• Curtis Brothers Seek Fortune In California Gold Rush, Face Hardships, Dangerous Sea Travel

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    The CALIFORNIA GOLD RUSH (1848-1855) began on January 24, 1848, when gold was found at Sutter’s Mill in Colomo, CA.  The news brought about 300,000 people to California from the rest of the United States and abroad.  The sudden increase in population allowed California to go rapidly to statehood, but it had severe effects on native Californians who experienced an increase in disease, genocide and starvation.  Likewise, the Gold Rush provided risky opportunities for seekers of fortune, making them vulnerable to violence, severe financial risk and disease. 

     

    The Curtis brothers spent many years in California searching for gold.  Brother Charles was the first to go. He spent 13 years there.  Ebenezer followed.  Offering a very assemblage of 13 letters, various sizes, nearly 50 pp total, providing a look into their experiences. The letters are transcribed in chronological order.  The first and second are written by Ebenezer.  He outlines his plans to travel to California to join Charles and a description of Charles’ activities, from building a log house to live in, to the financial difficulty of gold miners who aren’t making more than $5 a day, to Charles’ difficult journey aboard the Steamer, The Gold Hunter, for 42 days – “She is dirty & small…One insane man jumped overboard and was drowned.”  Ebenezer writes of that the S.S. Sims landed 990 passengers in San Francisco. Sixteen of them died and many were sick.  The Sacramento papers were filled with news about the Gold Rush.  Ebenezer writes that miners are busy day and night digging for gold, fearing that the rivers would rise.  “Each party can take from 3,000 to 20,000 gold dust. About five million in gold dust passed Sacramento [in] October. I may live…on mining operations as you have a chance at seafaring life, useful to shipping merchants who want to charter a ship to a trading post.

     

    4 pp, 7 ¾ x 10, Boston, March 12, 1852, Ebenezer W. Curtis ALS to his brother. “…I received your letter…from Norfolk. I was glad to hear that you arrived in the land of tobacco after a fine passage & would sail in ten days…I have been here 2 weeks since.  I have got passage engaged in the good Thomas B. Wales that shall sail on the 16th for San Francisco. But Providence prevent[ed] me…My paid passage (200) has returned to me today at noon. When I called at the California Packet Office C. Glidden & Williams, I told them that my intention changed. They demanded me to all, allow them $50 discount and I refused. I tried to sell my ticket to some California Emigrants…One of Glidden & Williams asked me if I do not want to go to California, they will refund me $200 & I was satisfied with their hard heart melted…Paid me in full…When brother Charles shall call me to California…he would have good prospect at mines worthy. I have had a letter from Brother Charles…telling about his journey by the Isthmus & go to the mines. He wrote the letter to me dated January 17th at Columbia, California.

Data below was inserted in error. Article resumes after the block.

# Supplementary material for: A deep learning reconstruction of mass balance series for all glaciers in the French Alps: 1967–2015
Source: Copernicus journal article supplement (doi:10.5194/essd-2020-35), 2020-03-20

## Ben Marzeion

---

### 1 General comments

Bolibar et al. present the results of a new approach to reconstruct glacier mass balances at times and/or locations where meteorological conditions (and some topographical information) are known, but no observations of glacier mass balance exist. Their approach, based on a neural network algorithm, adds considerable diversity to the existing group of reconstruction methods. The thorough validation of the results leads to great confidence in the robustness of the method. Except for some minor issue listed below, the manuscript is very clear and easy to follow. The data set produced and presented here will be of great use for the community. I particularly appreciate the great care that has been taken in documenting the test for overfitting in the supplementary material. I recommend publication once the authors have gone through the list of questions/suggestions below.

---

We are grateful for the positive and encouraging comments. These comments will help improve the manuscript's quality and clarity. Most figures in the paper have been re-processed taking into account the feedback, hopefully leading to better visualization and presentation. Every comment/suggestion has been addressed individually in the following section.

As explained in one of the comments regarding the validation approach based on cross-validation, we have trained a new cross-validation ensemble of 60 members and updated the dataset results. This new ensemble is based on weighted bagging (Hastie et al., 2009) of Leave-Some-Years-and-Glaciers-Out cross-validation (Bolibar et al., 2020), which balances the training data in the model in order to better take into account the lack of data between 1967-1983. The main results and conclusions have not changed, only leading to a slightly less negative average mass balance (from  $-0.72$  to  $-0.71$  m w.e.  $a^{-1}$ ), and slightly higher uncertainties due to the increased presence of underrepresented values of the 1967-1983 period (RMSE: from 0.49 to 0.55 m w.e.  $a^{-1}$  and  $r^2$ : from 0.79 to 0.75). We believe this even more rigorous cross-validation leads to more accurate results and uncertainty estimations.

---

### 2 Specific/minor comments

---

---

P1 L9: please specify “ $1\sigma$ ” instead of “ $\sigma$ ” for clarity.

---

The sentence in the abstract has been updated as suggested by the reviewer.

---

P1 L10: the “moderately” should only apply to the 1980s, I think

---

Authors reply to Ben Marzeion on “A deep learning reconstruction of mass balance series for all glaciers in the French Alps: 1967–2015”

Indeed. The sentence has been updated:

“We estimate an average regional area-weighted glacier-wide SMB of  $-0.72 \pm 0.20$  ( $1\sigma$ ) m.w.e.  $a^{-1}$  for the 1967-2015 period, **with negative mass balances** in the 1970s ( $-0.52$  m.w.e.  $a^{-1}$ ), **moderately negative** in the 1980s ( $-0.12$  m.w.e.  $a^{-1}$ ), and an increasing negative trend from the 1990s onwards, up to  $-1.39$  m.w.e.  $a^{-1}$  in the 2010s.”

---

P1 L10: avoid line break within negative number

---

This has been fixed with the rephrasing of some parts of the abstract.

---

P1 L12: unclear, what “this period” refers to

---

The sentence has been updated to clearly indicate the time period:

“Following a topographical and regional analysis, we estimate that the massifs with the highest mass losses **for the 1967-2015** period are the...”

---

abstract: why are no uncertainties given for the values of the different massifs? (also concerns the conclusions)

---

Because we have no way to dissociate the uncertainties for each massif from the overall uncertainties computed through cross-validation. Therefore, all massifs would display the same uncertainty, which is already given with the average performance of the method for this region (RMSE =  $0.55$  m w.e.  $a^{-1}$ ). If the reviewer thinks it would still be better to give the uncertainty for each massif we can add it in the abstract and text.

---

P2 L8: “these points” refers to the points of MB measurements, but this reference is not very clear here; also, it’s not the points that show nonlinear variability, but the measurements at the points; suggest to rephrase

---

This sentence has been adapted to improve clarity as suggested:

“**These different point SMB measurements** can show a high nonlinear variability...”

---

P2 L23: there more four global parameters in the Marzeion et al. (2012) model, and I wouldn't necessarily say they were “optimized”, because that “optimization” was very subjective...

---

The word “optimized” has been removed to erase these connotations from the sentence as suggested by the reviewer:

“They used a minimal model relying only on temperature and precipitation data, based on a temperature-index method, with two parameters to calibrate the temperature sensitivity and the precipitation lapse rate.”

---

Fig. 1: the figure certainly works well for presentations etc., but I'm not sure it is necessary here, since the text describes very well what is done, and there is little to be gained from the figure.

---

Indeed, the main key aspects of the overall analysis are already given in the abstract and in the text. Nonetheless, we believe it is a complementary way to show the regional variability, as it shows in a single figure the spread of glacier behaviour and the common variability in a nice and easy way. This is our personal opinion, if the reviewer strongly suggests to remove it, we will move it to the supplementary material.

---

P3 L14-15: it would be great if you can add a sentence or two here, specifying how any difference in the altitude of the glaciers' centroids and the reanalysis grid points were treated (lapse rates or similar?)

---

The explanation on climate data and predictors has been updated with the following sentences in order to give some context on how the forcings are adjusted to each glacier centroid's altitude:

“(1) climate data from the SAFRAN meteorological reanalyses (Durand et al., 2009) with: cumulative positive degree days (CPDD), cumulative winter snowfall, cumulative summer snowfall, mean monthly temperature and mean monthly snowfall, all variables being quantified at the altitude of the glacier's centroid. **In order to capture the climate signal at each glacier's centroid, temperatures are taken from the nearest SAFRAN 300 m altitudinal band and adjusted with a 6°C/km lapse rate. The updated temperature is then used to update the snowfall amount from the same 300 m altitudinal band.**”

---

“…Charles has arrived in San Francisco on January 2d & was going to mines on 3d…When he got to the mines in the Southern mines, he found Levi Ham well & build the log house & claim that they are at work but they do not know how well it will pay them as they have not had a fair trial yet – Charles, Levi Ham, Ezra Smith, Wm Springer shall leave the Southern mines early in the Spring for the Northern mines along Yuba unless they have some heavy rain. Levi Ham said the Northern mines is far the best place. There [is] a great many men in the Southern mines that are not at work because they cannot make more than 5 dollars a day so Charles did not want me to come out until I hear from him again.  He will write to me as soon as he finds a good prospect so as to make it worth. So, I stop in this state & wait a word from Charles…

     

    “Charles had a pleasant passage of 42 ½ days from New York to San Francisco by the Nicaragua River route & took a small river boat to cross the Nicaragua River & lake 200 miles to the place, 12 ½ miles from the Pacific, that distance he rode on the mules. The road was muddy & it took him 7 hours to get through and his travels had to leave the road often & go round the woods through to escape mud. He went aboard the Steamer Gold Hunter and proceeded on.  The Gold Hunter was a very uncomfortable boat for such a voyage. She is dirty & small & slow but she brought us through safe with one exception that was one insane man that jumped overboard & was drowned. One of the passengers died the next day…Living in the G Hunter was…the hardest that he ever experienced. He took particular care not to eat anything that he thought would tend to make him sick [and relied on] the hand of Providence for his health...As soon as you can, write to Charles, care of Samuel Adams…and tell him all particulars…I wish you good voyage…I am dead in California Fever! From your…Brother Ebenezer W. Curtis”